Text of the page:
A woman tried to board a plane with her emotional-support peacock. United wouldn't let it fly.
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An “emotional support peacock” had been denied boarding on a United flight at Newark International Airport. (Photo courtesy of The Jet Set/Facebook)

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K-9s, felines . . . and peacocks.

Airlines that have begun talking about tightening restrictions on a proliferating array of “emotional support” animals on commercial flights may have found their case bolstered this week after a picture of a peacock that was reportedly denied a seat aboard a United Airlines flight traveled far and wide.

The Jet Set, a travel-focused television show based in Washington, posted the photo on Facebook of the resplendent blue-and-green bird, saying that the “emotional support peacock” had been denied boarding on a flight at Newark International Airport.

United Airlines confirmed that the exotic animal was barred from the plane Saturday because it “did not meet guidelines for a number of reasons, including its weight and size.”

“We explained this to the customer on three separate occasions before they arrived at the airport,” a spokeswoman for the airline said in a statement Tuesday.

United Airlines did not identify the bird’s owner, citing privacy policies.

In response to the post, many people criticized passengers’ decisions to bring such animals on planes.

“Now its getting out of hand,” one person wrote beneath the Facebook post about the peacock.

“People are abusing this and causing those with true service animals difficulty,” another person added.

“Ridiculous to think she could fly with an bird this size. A very loud large bird,” another one wrote.

Federal guidelines specify that airlines must permit passengers with disabilities to board with trained service animals or emotional-support animals of many stripes, regardless of the animal’s potential to “offend or annoy” others on the plane. But airlines have some latitude to deny boarding to certain “unusual” service animals, including snakes, other reptiles, ferrets, rodents and spiders. When deciding to allow animals such as miniature horses, pigs and monkeys, the airlines must determine whether the animal is a threat to the health or safety of others or would cause a disruption on the flight.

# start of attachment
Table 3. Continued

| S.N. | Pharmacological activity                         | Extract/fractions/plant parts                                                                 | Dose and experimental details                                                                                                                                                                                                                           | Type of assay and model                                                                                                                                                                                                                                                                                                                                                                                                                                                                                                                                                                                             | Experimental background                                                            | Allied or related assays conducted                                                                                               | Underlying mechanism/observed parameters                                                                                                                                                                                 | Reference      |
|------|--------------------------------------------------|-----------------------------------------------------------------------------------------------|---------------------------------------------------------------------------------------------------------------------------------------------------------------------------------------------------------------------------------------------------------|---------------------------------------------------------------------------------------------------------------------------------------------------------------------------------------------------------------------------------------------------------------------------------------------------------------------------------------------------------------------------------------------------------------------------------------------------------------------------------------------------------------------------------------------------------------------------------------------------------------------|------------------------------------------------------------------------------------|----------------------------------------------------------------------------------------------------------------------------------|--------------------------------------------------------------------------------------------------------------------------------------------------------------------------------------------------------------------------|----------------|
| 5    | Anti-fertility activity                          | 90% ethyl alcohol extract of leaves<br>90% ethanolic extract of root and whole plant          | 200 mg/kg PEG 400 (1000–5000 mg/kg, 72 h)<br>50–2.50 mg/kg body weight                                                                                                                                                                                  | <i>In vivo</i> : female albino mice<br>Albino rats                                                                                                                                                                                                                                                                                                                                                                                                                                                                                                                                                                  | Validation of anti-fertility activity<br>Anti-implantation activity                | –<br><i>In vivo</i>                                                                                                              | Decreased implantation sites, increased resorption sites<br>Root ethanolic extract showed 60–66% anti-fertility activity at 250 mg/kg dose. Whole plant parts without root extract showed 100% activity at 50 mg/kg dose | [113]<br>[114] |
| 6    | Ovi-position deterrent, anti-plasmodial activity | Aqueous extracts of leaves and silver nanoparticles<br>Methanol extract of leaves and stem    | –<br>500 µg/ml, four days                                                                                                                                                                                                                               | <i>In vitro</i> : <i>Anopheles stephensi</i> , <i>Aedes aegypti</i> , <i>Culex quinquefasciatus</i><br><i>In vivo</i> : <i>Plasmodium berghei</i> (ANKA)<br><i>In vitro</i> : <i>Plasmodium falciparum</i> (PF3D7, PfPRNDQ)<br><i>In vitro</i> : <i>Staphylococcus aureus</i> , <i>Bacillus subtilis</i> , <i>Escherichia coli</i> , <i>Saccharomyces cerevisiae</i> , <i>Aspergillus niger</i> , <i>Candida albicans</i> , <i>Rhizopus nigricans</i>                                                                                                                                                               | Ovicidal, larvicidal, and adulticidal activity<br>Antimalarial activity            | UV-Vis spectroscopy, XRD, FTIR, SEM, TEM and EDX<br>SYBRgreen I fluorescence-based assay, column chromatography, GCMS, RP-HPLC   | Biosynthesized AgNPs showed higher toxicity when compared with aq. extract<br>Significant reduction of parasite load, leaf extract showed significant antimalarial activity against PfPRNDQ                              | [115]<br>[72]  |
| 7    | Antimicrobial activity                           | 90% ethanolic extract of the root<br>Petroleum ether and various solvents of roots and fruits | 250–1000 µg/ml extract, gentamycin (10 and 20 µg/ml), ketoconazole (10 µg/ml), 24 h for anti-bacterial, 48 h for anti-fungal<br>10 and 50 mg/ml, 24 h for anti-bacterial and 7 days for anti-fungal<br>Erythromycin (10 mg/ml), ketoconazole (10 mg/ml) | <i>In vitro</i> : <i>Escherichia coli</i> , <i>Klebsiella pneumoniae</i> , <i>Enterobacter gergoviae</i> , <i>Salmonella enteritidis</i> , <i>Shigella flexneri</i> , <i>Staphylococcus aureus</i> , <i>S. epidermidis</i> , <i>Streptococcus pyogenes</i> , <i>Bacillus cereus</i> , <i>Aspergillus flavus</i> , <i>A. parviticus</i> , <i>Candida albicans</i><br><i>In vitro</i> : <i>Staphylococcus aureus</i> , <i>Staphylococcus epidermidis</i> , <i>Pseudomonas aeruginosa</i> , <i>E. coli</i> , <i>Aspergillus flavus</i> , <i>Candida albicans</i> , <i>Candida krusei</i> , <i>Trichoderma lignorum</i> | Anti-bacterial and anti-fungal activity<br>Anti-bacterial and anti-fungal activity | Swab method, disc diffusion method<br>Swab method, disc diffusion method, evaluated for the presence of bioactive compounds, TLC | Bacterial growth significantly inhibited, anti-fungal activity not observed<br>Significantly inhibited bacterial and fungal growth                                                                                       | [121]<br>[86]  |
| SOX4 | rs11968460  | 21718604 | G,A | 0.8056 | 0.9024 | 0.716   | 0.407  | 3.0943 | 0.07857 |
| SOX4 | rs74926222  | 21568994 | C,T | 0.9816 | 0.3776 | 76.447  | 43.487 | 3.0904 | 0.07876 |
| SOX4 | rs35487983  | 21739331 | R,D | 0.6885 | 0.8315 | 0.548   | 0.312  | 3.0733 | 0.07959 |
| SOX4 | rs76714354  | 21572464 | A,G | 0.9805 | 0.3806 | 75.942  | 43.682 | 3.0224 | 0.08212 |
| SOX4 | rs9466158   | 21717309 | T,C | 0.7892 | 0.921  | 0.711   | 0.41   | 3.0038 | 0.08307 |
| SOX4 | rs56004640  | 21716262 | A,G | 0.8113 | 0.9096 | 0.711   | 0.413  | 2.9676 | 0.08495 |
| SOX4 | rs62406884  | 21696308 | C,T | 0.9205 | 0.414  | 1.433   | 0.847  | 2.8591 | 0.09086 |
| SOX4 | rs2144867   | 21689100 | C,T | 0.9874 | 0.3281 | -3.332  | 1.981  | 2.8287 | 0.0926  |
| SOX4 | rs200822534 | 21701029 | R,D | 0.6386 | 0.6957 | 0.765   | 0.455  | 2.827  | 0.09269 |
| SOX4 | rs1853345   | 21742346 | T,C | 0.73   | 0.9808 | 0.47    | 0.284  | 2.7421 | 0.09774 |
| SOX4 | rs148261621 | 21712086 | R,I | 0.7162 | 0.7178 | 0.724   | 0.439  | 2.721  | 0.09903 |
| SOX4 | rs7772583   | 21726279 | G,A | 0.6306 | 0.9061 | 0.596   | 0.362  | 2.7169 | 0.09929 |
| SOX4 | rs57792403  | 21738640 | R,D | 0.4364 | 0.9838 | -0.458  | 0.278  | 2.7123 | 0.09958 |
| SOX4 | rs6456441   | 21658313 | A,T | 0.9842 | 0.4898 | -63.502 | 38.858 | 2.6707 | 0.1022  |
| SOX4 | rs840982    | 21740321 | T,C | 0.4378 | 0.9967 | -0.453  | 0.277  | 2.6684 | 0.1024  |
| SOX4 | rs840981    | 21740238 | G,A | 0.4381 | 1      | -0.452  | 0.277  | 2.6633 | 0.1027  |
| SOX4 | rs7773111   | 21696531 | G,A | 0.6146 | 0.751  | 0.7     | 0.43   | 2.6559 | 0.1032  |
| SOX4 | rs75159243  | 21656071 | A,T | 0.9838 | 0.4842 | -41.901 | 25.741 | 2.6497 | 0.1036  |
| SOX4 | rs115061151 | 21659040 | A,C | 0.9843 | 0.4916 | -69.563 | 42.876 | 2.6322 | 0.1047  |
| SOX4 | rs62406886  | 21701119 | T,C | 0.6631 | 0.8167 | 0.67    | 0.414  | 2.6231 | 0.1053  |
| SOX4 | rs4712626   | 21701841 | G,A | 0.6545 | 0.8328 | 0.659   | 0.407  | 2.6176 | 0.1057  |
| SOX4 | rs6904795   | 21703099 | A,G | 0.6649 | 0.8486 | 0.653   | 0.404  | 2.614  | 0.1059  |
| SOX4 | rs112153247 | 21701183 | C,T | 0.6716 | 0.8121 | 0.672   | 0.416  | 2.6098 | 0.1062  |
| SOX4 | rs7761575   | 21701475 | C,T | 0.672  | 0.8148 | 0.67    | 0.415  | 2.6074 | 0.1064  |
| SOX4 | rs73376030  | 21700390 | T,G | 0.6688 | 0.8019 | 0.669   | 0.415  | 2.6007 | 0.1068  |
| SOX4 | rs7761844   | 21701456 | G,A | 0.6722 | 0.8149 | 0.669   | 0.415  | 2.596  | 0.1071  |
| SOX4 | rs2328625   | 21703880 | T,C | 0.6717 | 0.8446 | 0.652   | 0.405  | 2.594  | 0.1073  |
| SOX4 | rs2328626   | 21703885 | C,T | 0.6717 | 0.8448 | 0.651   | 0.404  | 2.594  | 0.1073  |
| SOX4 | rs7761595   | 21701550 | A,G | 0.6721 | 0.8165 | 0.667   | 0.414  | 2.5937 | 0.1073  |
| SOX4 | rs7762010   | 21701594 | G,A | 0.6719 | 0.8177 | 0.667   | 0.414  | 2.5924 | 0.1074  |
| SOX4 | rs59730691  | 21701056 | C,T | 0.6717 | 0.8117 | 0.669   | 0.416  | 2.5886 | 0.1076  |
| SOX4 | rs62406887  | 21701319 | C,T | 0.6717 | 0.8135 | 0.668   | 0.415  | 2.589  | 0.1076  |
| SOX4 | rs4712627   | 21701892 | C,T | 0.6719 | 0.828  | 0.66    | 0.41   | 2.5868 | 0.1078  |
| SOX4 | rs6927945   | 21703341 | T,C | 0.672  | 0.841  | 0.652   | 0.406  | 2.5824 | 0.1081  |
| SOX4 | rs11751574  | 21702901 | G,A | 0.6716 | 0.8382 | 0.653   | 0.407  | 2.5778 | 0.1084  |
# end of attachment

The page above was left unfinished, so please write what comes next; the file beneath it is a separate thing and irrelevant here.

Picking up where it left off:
The Washington Post reported this month that Delta Air Lines has seen large increases in the numbers of passengers with service or comfort animals in recent years. The Department of Transportation does not collect data on the number of service and support animals on flights, but disability-related complaints that it tracks related to service animals nearly quadrupled between 2012 and 2016.

Those statistics have added to the perception among airlines and some disability rights advocates that some people use federal law to fraudulently bring pets on to airplanes. Passengers traveling with animals for emotional support can be required to provide recent documentation from a mental-health professional for their pets, but the documents are easily forged or obtained from websites that provide questionnaire-style “exams.”

Stories abound of scenes seemingly out of a parody movie: A duck wandering around an airline aisle, or a flight attendant who said that they were asked to administer oxygen to a dog that its owner claimed was having an anxiety attack midflight.

Delta announced new restrictions on service and emotional support animals this month. United said in a statement that it was reviewing its policies to better balance the protection of its employees and customers with the need to accommodate passengers with disabilities.

“We know that some customers require an emotional support animal to assist them through their journey,” it said.

Karin Brulliard contributed to this report. 

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